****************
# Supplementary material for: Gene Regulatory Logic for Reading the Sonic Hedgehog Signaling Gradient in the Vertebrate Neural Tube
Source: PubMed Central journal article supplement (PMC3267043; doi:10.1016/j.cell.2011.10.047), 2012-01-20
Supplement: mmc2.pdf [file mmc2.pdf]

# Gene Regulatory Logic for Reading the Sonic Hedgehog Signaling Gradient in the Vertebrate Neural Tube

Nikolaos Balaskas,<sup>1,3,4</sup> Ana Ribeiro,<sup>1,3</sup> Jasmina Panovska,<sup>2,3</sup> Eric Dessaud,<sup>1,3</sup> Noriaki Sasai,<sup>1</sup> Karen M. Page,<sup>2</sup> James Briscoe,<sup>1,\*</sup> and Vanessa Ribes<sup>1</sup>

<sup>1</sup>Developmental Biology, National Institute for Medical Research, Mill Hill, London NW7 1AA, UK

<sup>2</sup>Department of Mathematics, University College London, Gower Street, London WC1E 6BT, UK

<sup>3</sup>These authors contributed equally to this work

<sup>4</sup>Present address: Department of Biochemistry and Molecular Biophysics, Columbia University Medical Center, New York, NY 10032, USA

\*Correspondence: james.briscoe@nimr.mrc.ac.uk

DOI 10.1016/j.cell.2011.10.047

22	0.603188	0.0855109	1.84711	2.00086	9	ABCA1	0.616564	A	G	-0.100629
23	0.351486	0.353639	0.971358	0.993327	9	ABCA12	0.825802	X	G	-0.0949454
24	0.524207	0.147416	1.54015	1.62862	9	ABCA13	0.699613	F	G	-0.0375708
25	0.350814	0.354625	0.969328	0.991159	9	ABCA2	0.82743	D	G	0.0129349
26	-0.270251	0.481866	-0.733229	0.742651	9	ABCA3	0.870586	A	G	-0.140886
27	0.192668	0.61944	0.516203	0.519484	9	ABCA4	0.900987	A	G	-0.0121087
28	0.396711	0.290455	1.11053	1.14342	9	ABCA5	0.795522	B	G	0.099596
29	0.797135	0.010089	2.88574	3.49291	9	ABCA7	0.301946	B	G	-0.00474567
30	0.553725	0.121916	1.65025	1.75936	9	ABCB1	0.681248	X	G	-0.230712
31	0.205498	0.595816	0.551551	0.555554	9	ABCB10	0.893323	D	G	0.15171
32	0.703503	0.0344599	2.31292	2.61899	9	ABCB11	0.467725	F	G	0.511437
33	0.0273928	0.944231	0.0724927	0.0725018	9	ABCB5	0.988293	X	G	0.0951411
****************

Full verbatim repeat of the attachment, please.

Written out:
# Supplementary material for: Gene Regulatory Logic for Reading the Sonic Hedgehog Signaling Gradient in the Vertebrate Neural Tube
Source: PubMed Central journal article supplement (PMC3267043; doi:10.1016/j.cell.2011.10.047), 2012-01-20
Supplement: mmc2.pdf [file mmc2.pdf]

# Gene Regulatory Logic for Reading the Sonic Hedgehog Signaling Gradient in the Vertebrate Neural Tube

Nikolaos Balaskas,<sup>1,3,4</sup> Ana Ribeiro,<sup>1,3</sup> Jasmina Panovska,<sup>2,3</sup> Eric Dessaud,<sup>1,3</sup> Noriaki Sasai,<sup>1</sup> Karen M. Page,<sup>2</sup> James Briscoe,<sup>1,\*</sup> and Vanessa Ribes<sup>1</sup>

<sup>1</sup>Developmental Biology, National Institute for Medical Research, Mill Hill, London NW7 1AA, UK

<sup>2</sup>Department of Mathematics, University College London, Gower Street, London WC1E 6BT, UK

<sup>3</sup>These authors contributed equally to this work

<sup>4</sup>Present address: Department of Biochemistry and Molecular Biophysics, Columbia University Medical Center, New York, NY 10032, USA

\*Correspondence: james.briscoe@nimr.mrc.ac.uk

DOI 10.1016/j.cell.2011.10.047

22	0.603188	0.0855109	1.84711	2.00086	9	ABCA1	0.616564	A	G	-0.100629
23	0.351486	0.353639	0.971358	0.993327	9	ABCA12	0.825802	X	G	-0.0949454
24	0.524207	0.147416	1.54015	1.62862	9	ABCA13	0.699613	F	G	-0.0375708
25	0.350814	0.354625	0.969328	0.991159	9	ABCA2	0.82743	D	G	0.0129349
26	-0.270251	0.481866	-0.733229	0.742651	9	ABCA3	0.870586	A	G	-0.140886
27	0.192668	0.61944	0.516203	0.519484	9	ABCA4	0.900987	A	G	-0.0121087
28	0.396711	0.290455	1.11053	1.14342	9	ABCA5	0.795522	B	G	0.099596
29	0.797135	0.010089	2.88574	3.49291	9	ABCA7	0.301946	B	G	-0.00474567
30	0.553725	0.121916	1.65025	1.75936	9	ABCB1	0.681248	X	G	-0.230712
31	0.205498	0.595816	0.551551	0.555554	9	ABCB10	0.893323	D	G	0.15171
32	0.703503	0.0344599	2.31292	2.61899	9	ABCB11	0.467725	F	G	0.511437
33	0.0273928	0.944231	0.0724927	0.0725018	9	ABCB5	0.988293	X	G	0.0951411